Denmark is number one when it comes to Nordic gender discrimination in contemporary art.
Contribution to debate in the Danish newspaper in Politiken,
15 November 2020, by Augusta Atla
When it comes to silencing women, Western culture has had thousands of years of practice.
I was delighted when I read that this year the executive board of Chart Art Fair had decided to present an art fair featuring exclusively female artists. But can an art fair like Chart, which lasts a mere three days, make an impact on the remaining 362 days of a year? Going forward, can it make any difference vis-à-vis Denmark’s deeply-entrenched male chauvinist structure?
Denmark is number one when it comes to Nordic gender discrimination in contemporary art. Take a look at the galleries participating in Chart Art Fair 2020, Denmark is the most sexist in the Nordic region. If we look at the Chart galleries by country and count how many female artists they have on their books, this is what we see: Denmark: 26%, Norway: 36%, Iceland: 37%, Finland: 38%, Sweden: 46%.
Nor, when it comes to the purchase by Danish museums of works by female artists, are the figures particularly promising. From 2004 to 2019, the number of acquisitions of works by female artists was 22%, while the number of female artists given solo shows in Denmark was 29%.
Unfortunately, the international figures are also very negative for women. From 2008 to 2019, only 2% of the total sales at art auctions were works by women. At international art fairs and galleries, female artists account for between 0 and 30% of the artists represented. At the largest art fair in the world, Art Basel, female representation has been less than 25% in the last four years.
In this day and age, we need to articulate this perpetual misogynistic trend and cultural heritage instead of preserving the illusion and pretending that the problem does not exist. The problem is permanent and grave, and results in the loss of an abundance of artistic quality. Furthermore, by virtue of the ingrained discriminatory structures in Denmark, our approach to research is decidedly unsubtle. Both in Denmark and abroad, countless talented female artists are overlooked or simply erased from history.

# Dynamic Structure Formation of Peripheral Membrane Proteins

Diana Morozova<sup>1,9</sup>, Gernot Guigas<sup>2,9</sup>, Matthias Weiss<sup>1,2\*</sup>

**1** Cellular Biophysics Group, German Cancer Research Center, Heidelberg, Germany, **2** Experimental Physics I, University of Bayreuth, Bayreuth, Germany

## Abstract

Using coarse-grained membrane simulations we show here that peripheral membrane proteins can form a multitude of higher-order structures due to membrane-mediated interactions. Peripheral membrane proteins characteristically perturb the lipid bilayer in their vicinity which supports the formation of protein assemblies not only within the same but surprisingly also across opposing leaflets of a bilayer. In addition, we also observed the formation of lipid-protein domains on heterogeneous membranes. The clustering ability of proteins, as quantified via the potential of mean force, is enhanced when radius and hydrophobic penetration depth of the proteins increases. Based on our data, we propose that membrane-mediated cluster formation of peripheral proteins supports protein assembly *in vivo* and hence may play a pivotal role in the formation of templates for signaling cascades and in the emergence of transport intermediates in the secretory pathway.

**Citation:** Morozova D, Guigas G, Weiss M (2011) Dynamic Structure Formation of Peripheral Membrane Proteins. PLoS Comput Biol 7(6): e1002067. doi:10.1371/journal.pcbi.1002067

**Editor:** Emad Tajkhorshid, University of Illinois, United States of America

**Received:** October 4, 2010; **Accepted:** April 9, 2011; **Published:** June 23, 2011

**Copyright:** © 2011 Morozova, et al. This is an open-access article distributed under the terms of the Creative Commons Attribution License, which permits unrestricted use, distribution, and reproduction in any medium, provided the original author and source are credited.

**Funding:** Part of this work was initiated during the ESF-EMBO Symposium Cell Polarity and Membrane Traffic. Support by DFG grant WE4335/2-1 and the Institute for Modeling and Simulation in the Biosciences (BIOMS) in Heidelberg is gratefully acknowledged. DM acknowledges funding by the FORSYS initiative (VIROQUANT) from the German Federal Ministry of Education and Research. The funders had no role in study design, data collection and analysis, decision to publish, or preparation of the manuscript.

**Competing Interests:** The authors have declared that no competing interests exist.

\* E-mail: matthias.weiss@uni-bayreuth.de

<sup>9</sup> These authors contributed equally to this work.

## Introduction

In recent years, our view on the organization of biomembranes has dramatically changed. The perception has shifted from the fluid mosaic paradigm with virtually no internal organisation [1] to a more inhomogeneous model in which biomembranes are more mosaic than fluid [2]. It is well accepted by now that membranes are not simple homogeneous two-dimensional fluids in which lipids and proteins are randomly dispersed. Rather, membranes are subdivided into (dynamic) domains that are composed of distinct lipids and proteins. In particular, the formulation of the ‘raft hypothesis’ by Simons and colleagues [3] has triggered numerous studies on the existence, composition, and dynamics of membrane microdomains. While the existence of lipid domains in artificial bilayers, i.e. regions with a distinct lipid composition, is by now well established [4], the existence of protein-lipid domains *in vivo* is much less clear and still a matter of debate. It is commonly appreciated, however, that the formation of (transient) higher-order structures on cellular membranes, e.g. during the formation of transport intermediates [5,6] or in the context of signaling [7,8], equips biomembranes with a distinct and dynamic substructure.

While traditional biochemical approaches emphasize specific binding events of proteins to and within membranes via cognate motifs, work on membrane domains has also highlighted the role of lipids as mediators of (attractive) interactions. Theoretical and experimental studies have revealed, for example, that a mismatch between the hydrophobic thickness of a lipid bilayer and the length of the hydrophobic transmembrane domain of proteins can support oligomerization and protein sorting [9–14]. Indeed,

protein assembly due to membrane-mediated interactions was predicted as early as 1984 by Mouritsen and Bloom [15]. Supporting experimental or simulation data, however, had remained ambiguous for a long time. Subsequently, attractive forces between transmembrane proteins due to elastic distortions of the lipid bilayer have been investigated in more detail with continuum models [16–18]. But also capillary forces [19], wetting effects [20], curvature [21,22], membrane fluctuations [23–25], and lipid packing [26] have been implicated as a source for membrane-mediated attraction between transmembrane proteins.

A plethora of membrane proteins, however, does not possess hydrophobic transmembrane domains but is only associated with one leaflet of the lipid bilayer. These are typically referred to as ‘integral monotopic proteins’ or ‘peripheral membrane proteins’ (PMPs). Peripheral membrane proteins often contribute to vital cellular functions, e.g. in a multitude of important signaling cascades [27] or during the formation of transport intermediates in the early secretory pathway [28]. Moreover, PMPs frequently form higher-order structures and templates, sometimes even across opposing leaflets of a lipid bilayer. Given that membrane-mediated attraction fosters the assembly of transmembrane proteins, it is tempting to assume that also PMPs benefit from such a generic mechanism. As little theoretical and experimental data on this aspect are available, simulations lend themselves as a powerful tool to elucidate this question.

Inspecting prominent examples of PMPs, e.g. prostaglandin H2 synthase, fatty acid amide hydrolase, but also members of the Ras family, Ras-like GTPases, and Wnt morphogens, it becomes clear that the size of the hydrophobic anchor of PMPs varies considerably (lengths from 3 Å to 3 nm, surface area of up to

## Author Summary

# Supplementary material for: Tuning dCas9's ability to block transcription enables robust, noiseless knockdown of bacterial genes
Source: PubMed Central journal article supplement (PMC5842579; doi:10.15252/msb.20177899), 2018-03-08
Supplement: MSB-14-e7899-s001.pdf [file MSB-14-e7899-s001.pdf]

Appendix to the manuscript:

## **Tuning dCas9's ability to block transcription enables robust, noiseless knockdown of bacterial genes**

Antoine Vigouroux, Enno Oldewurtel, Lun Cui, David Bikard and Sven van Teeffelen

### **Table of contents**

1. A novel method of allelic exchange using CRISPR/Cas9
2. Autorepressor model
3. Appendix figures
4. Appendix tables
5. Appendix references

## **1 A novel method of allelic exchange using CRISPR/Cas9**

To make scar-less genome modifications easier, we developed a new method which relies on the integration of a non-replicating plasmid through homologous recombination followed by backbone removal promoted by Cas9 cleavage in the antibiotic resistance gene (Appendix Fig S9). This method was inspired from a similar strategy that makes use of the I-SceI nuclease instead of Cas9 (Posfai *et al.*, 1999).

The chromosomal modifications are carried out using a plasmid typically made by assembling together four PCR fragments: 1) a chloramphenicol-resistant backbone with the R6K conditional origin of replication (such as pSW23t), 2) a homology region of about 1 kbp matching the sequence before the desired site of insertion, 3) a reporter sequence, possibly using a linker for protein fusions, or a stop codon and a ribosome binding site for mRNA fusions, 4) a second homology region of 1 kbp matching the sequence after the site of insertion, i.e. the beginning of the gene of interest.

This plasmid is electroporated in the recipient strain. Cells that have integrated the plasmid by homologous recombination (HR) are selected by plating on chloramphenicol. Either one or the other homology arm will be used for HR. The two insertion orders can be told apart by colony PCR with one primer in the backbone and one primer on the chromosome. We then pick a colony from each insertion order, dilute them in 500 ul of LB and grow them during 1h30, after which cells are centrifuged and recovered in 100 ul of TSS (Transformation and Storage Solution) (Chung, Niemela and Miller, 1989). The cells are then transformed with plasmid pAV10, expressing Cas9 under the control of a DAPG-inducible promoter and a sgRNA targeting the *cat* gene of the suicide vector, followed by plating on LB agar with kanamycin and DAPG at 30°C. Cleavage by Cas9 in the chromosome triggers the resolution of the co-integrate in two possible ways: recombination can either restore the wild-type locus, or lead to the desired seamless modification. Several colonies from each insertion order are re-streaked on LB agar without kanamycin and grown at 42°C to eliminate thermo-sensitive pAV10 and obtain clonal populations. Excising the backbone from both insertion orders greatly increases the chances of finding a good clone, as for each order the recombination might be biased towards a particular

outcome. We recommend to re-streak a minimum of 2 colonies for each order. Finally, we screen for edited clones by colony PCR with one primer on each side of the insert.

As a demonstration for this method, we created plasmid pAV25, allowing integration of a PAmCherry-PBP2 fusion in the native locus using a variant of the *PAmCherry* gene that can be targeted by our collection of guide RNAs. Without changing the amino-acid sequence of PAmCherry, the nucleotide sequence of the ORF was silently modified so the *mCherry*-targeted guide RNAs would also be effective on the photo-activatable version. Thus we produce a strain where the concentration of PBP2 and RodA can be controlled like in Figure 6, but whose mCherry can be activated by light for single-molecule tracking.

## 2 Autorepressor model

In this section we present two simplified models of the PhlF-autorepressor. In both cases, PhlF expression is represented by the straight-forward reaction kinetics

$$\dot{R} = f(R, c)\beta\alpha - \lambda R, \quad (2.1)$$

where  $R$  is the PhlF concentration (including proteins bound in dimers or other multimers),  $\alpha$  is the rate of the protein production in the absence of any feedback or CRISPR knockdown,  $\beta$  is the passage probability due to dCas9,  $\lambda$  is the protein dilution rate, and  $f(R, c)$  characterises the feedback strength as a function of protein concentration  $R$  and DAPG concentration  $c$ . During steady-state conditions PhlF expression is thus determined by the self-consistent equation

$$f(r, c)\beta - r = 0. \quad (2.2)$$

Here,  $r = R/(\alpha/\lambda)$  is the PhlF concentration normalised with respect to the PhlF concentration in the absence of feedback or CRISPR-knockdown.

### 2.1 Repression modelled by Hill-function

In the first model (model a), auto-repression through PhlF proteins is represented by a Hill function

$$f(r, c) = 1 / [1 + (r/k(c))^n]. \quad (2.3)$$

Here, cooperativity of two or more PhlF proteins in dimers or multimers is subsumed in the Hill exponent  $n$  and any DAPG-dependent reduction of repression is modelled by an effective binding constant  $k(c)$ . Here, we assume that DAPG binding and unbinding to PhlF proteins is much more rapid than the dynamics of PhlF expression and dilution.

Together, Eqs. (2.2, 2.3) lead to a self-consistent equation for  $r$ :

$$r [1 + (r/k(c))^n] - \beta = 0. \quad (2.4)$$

How do we change these deeply-rooted routines, in which curators, museum directors, gallerists, heads of art galleries, press representatives, journalists and art collectors – including women in power – and even (in their day-to-day practice) the Danish Chart galleries opt out of showing female artists?
The art market is still a boys’ club. This means that many female artists are only discovered when they are dead or turn 80.
Today, the question is whether, despite first-wave feminism and women’s right to vote, Europe is ready to accommodate works by women. Is our Western visual culture geared to allow women’s active creativity, their creative aspirations and participation in power, thereby also allowing women, as visual artists, to help create images for our collective heritage and memory?
My generation of visual artists, art historians and curators was brought up on the basis of methods and art history developed and crystallised largely by male chauvinist men and women. Our academic practice in Europe is still failing to add, elucidate and emphasise the importance of female artists to the history of art. The same applies to the curatorial machine, in which we artists are compelled to put our faith.
When will we become genuinely interested in the myriad of amazing, overlooked works created by female artists, not least for the sake of our humanism? When will we truly integrate images into our culture that reflect human diversity and create a unified palette featuring all our voices?